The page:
Armed resistance against Costa e Silva's government intensified in 1969. The most serious case of terrorism took place on June 26, 1969 when Diógenes José Carvalho de Oliveira, Pedro Lobo de Oliveira and José Ronaldo Tavares de Lira e Silva, members of an eleven-man terrorist cell that was part of the People's Revolutionary Vanguard (VPR), managed to detonate a bomb at the General Headquarters of the 2nd Army in São Paulo. The car-bomb was launched without a driver towards the compound's front gate. The guards fired on the vehicle, which hit the external wall of the headquarters. Mário Kozel Filho, a soldier who was completing his compulsory military service and serving as a sentry on that day, left his post and ran towards the vehicle, trying to see if anyone was trapped inside. At that moment the car, filled with 50 kilograms of dynamite, exploded, damaging everything within a 300-meter radius around it. Kozel's body was ripped to pieces from the force of the explosion, and six other soldiers were seriously wounded. In response to this terrorist attack, the government intensified its repressive and subversive activities.

Illness and death[edit]

After suddenly suffering a cerebral thrombosis, Costa e Silva was removed from duties on August 31, 1969. Although civilian Vice President Pedro Aleixo should have succeeded him, the three armed forces ministers instead took power as a military junta under the 12th Institutional Act. Costa e Silva legally remained President until October 14, when he was formally removed from office by the 16th Institutional Act. Costa e Silva died on December 17 of that same year, the victim of a heart attack.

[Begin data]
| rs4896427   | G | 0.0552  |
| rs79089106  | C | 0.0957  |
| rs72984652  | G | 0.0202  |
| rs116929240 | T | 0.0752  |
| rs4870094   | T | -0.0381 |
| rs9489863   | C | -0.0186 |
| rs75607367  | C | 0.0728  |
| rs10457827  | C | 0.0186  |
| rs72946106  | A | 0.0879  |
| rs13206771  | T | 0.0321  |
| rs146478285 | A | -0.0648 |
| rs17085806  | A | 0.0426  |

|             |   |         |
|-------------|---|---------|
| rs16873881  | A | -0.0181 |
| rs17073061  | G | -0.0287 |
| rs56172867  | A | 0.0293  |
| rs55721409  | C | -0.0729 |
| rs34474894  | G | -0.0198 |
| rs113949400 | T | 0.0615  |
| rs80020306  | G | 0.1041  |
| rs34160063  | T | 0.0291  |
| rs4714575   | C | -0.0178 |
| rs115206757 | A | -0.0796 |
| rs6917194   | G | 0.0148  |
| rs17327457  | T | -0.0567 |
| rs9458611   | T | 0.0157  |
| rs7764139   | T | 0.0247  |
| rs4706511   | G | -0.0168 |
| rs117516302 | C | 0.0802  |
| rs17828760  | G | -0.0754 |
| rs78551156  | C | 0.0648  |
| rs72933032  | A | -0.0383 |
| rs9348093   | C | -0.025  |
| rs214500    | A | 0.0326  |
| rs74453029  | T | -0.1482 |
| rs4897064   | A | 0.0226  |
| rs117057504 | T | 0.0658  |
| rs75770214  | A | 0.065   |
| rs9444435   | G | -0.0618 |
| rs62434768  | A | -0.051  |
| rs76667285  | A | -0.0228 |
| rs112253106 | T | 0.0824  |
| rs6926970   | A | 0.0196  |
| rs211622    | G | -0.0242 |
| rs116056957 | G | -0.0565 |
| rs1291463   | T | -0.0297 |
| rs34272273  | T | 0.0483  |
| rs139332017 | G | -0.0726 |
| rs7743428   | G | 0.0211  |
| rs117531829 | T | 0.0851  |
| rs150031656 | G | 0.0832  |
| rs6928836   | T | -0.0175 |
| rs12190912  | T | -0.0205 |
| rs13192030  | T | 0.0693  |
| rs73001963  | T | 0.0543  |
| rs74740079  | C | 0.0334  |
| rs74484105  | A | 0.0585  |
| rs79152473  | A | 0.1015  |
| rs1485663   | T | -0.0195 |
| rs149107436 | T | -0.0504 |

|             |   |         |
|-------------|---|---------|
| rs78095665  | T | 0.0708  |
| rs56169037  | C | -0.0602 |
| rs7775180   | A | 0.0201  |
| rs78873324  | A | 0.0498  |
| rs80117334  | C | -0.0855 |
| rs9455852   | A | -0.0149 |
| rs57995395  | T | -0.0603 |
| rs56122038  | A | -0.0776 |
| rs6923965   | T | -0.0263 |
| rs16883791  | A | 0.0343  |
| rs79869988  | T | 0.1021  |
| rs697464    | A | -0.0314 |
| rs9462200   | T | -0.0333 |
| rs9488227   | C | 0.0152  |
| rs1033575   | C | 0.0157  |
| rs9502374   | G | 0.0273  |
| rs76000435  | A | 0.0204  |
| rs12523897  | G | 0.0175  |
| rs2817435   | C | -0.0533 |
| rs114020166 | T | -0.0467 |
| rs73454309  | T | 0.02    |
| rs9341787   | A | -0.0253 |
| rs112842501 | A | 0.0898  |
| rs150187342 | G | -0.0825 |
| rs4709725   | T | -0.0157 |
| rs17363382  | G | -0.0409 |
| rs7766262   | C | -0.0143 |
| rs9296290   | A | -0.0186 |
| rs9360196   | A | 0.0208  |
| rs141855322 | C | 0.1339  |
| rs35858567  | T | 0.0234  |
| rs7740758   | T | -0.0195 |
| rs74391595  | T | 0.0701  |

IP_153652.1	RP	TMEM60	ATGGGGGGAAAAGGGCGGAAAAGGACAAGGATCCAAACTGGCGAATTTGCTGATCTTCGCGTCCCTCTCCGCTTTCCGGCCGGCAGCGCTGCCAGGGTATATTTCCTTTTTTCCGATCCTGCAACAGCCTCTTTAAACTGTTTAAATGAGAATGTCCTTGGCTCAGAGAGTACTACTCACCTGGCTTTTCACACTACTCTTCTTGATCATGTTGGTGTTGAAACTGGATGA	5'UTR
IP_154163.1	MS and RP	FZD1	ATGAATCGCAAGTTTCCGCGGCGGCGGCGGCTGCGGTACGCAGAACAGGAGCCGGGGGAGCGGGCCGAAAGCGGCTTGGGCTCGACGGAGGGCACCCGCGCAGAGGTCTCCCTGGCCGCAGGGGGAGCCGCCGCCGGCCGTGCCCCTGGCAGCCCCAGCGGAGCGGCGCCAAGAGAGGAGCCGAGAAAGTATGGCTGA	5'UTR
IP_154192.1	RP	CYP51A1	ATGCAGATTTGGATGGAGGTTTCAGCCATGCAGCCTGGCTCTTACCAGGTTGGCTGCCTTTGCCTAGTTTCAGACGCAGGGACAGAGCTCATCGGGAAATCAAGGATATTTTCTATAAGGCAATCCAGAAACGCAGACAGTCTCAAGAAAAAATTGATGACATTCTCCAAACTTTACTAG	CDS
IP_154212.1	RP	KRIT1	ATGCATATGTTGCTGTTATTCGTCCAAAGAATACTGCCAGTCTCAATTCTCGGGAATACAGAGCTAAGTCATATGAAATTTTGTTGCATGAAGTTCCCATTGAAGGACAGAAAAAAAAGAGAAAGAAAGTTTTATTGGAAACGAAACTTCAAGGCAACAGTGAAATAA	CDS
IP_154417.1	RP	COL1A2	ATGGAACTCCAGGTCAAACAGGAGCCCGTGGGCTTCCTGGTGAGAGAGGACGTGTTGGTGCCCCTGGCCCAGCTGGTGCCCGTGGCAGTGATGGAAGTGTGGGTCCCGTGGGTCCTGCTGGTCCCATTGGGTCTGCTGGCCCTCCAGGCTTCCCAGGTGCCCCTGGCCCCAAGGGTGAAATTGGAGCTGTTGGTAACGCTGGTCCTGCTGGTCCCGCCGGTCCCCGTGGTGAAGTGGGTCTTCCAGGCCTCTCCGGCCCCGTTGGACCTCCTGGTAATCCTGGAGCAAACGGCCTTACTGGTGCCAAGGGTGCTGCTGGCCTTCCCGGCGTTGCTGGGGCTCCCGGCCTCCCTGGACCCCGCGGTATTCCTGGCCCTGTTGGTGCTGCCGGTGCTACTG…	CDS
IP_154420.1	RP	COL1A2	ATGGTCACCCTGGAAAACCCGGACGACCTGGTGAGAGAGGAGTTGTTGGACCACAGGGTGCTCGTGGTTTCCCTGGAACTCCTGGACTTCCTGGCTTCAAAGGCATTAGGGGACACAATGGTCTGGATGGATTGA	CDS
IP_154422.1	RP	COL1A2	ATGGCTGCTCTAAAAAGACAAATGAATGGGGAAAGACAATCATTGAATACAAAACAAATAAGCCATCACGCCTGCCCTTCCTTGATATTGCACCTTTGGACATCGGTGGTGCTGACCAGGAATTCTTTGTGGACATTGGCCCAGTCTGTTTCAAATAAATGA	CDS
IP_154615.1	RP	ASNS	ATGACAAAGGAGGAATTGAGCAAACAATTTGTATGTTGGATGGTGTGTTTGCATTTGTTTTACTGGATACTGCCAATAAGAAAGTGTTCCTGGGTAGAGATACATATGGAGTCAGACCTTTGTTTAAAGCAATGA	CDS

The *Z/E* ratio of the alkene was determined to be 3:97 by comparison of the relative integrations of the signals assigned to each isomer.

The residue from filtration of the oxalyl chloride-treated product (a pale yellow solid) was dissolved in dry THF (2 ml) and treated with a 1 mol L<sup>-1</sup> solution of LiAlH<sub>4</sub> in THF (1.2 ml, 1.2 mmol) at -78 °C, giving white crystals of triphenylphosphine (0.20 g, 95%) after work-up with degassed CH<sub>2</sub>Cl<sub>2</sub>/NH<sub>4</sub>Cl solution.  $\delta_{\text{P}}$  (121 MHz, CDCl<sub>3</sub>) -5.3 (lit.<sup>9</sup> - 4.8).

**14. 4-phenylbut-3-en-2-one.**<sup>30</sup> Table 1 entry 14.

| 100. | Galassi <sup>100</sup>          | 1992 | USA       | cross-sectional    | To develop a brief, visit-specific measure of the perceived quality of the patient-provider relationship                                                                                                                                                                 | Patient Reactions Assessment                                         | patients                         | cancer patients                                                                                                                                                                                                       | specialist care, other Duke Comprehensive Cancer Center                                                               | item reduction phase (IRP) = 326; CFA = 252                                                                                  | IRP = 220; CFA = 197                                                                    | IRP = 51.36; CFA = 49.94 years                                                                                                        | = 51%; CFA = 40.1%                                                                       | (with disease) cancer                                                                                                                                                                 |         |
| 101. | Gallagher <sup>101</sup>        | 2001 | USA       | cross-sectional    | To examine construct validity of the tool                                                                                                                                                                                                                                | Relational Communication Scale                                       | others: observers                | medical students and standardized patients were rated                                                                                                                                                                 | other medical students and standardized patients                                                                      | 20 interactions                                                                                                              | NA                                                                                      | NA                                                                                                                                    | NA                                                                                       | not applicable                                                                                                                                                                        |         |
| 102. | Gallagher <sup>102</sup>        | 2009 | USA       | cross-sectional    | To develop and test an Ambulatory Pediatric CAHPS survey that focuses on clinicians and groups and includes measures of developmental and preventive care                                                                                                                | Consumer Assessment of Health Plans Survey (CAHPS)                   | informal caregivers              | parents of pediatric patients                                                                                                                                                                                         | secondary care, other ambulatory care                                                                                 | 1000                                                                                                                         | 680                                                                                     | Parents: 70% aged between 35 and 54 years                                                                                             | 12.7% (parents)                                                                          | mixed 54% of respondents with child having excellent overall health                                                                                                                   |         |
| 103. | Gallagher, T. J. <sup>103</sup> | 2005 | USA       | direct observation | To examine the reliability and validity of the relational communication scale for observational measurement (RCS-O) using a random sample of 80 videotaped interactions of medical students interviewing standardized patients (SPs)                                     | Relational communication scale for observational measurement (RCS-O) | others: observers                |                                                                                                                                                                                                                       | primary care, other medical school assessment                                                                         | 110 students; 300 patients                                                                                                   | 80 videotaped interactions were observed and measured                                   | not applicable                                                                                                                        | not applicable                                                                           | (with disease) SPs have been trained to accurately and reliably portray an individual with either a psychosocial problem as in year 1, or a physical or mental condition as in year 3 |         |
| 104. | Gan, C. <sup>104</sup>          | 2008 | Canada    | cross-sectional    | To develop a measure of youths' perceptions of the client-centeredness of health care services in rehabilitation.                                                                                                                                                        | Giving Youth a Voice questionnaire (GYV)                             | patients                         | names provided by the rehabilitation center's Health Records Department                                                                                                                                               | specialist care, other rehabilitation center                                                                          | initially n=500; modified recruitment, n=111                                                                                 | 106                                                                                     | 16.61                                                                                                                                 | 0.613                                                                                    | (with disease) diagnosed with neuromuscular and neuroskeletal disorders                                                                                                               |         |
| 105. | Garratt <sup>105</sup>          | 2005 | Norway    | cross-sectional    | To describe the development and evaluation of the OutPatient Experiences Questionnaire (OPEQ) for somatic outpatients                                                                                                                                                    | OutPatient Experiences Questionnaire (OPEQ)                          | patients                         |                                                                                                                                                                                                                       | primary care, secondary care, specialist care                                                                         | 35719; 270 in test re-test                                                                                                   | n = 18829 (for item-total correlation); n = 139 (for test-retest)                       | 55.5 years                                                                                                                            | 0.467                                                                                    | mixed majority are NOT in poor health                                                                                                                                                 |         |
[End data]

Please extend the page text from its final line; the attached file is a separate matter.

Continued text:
Taking advantage of the opportunity, the military junta introduced new amendments to the 1967 Constitution that gave the already highly authoritarian document an even more repressive tone. Despite this, it was less repressive than the AI-5. Shortly after this "Constitutional Amendment no. 1", sometimes referred to as the Constitution of 1969, was passed into law by the junta, Congress was summoned from its two-year recess and charged with electing a successor. General Emílio Garrastazu Médici was the sole candidate, and was elected unanimously.

Due to the heavy press censorship of the time, many people did not accept the official version of events about Costa e Silva's illness, instead believing that he had been removed by the more conservative elements of the military regime. Regardless of such theories, there is no proof that Costa e Silva was anything else but seriously ill at the time of his removal.


Foreign honours[edit]

See also[edit]


  1. ^ KOIFMAN, Fábio. Presidentes Do Brasil: De Deodoro A Fhc.
  2. ^ "Cidadãos Estrangeiros Agraciados com Ordens Portuguesas". Página Oficial das Ordens Honoríficas Portuguesas. Retrieved April 4, 2017.
  3. ^ "Cidadãos Estrangeiros Agraciados com Ordens Portuguesas". Página Oficial das Ordens Honoríficas Portuguesas. Retrieved April 4, 2017.


  • KOIFMAN, Fábio (org.) – Presidentes do Brasil, Editora Rio, 2001.
  • PORTELLA DE MELLO, Jayme A Revolução e o Governo Costa e Silva, Editora Guavira, 1979.
  • SILVA, Hélio, Costa e Silva – 23º Presidente do Brasil, Editora Três, 1983.
  • TAVARES, Aurélio de Lyra,O Exército no Governo Costa e Silva, Editora Departamento de Imprensa Nacional, 1968.
Political offices
Preceded by
Humberto de Alencar Castelo Branco
President of Brazil
March 15, 1967 – August 31, 1969
Succeeded by
Military Junta of 1969